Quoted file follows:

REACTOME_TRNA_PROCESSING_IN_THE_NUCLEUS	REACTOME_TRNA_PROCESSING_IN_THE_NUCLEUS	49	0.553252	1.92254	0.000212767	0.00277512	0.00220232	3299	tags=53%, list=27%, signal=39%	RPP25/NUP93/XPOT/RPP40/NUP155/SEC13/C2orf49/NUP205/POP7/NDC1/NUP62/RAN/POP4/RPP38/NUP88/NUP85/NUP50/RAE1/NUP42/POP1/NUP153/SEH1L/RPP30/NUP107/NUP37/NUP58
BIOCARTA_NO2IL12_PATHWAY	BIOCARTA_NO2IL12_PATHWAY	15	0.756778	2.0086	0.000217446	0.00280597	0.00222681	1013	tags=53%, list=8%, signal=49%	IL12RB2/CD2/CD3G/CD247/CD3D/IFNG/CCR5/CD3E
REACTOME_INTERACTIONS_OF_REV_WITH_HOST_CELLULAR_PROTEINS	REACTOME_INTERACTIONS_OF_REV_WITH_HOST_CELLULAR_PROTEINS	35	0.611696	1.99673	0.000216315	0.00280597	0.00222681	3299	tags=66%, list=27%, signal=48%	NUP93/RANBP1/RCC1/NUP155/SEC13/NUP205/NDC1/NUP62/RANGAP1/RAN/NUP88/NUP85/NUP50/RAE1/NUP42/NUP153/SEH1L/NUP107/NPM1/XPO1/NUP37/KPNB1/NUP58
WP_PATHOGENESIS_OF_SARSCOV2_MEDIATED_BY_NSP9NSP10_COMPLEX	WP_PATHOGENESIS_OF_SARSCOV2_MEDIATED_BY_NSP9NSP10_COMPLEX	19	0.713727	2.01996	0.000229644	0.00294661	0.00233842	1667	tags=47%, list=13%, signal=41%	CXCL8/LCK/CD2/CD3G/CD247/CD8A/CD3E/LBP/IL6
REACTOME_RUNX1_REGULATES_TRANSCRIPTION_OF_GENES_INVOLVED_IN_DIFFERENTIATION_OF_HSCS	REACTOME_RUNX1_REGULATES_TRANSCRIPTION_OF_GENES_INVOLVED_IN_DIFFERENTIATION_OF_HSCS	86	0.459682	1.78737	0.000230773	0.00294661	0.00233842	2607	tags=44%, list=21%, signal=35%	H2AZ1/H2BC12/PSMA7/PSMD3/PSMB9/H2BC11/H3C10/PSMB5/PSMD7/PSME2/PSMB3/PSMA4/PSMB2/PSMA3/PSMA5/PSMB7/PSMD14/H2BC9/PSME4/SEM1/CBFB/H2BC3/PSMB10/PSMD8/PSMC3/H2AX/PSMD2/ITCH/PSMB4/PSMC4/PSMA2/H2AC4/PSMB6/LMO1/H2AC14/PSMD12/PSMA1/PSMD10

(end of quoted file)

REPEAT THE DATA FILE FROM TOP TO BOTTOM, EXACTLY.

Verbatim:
REACTOME_TRNA_PROCESSING_IN_THE_NUCLEUS	REACTOME_TRNA_PROCESSING_IN_THE_NUCLEUS	49	0.553252	1.92254	0.000212767	0.00277512	0.00220232	3299	tags=53%, list=27%, signal=39%	RPP25/NUP93/XPOT/RPP40/NUP155/SEC13/C2orf49/NUP205/POP7/NDC1/NUP62/RAN/POP4/RPP38/NUP88/NUP85/NUP50/RAE1/NUP42/POP1/NUP153/SEH1L/RPP30/NUP107/NUP37/NUP58
BIOCARTA_NO2IL12_PATHWAY	BIOCARTA_NO2IL12_PATHWAY	15	0.756778	2.0086	0.000217446	0.00280597	0.00222681	1013	tags=53%, list=8%, signal=49%	IL12RB2/CD2/CD3G/CD247/CD3D/IFNG/CCR5/CD3E
REACTOME_INTERACTIONS_OF_REV_WITH_HOST_CELLULAR_PROTEINS	REACTOME_INTERACTIONS_OF_REV_WITH_HOST_CELLULAR_PROTEINS	35	0.611696	1.99673	0.000216315	0.00280597	0.00222681	3299	tags=66%, list=27%, signal=48%	NUP93/RANBP1/RCC1/NUP155/SEC13/NUP205/NDC1/NUP62/RANGAP1/RAN/NUP88/NUP85/NUP50/RAE1/NUP42/NUP153/SEH1L/NUP107/NPM1/XPO1/NUP37/KPNB1/NUP58
WP_PATHOGENESIS_OF_SARSCOV2_MEDIATED_BY_NSP9NSP10_COMPLEX	WP_PATHOGENESIS_OF_SARSCOV2_MEDIATED_BY_NSP9NSP10_COMPLEX	19	0.713727	2.01996	0.000229644	0.00294661	0.00233842	1667	tags=47%, list=13%, signal=41%	CXCL8/LCK/CD2/CD3G/CD247/CD8A/CD3E/LBP/IL6
REACTOME_RUNX1_REGULATES_TRANSCRIPTION_OF_GENES_INVOLVED_IN_DIFFERENTIATION_OF_HSCS	REACTOME_RUNX1_REGULATES_TRANSCRIPTION_OF_GENES_INVOLVED_IN_DIFFERENTIATION_OF_HSCS	86	0.459682	1.78737	0.000230773	0.00294661	0.00233842	2607	tags=44%, list=21%, signal=35%	H2AZ1/H2BC12/PSMA7/PSMD3/PSMB9/H2BC11/H3C10/PSMB5/PSMD7/PSME2/PSMB3/PSMA4/PSMB2/PSMA3/PSMA5/PSMB7/PSMD14/H2BC9/PSME4/SEM1/CBFB/H2BC3/PSMB10/PSMD8/PSMC3/H2AX/PSMD2/ITCH/PSMB4/PSMC4/PSMA2/H2AC4/PSMB6/LMO1/H2AC14/PSMD12/PSMA1/PSMD10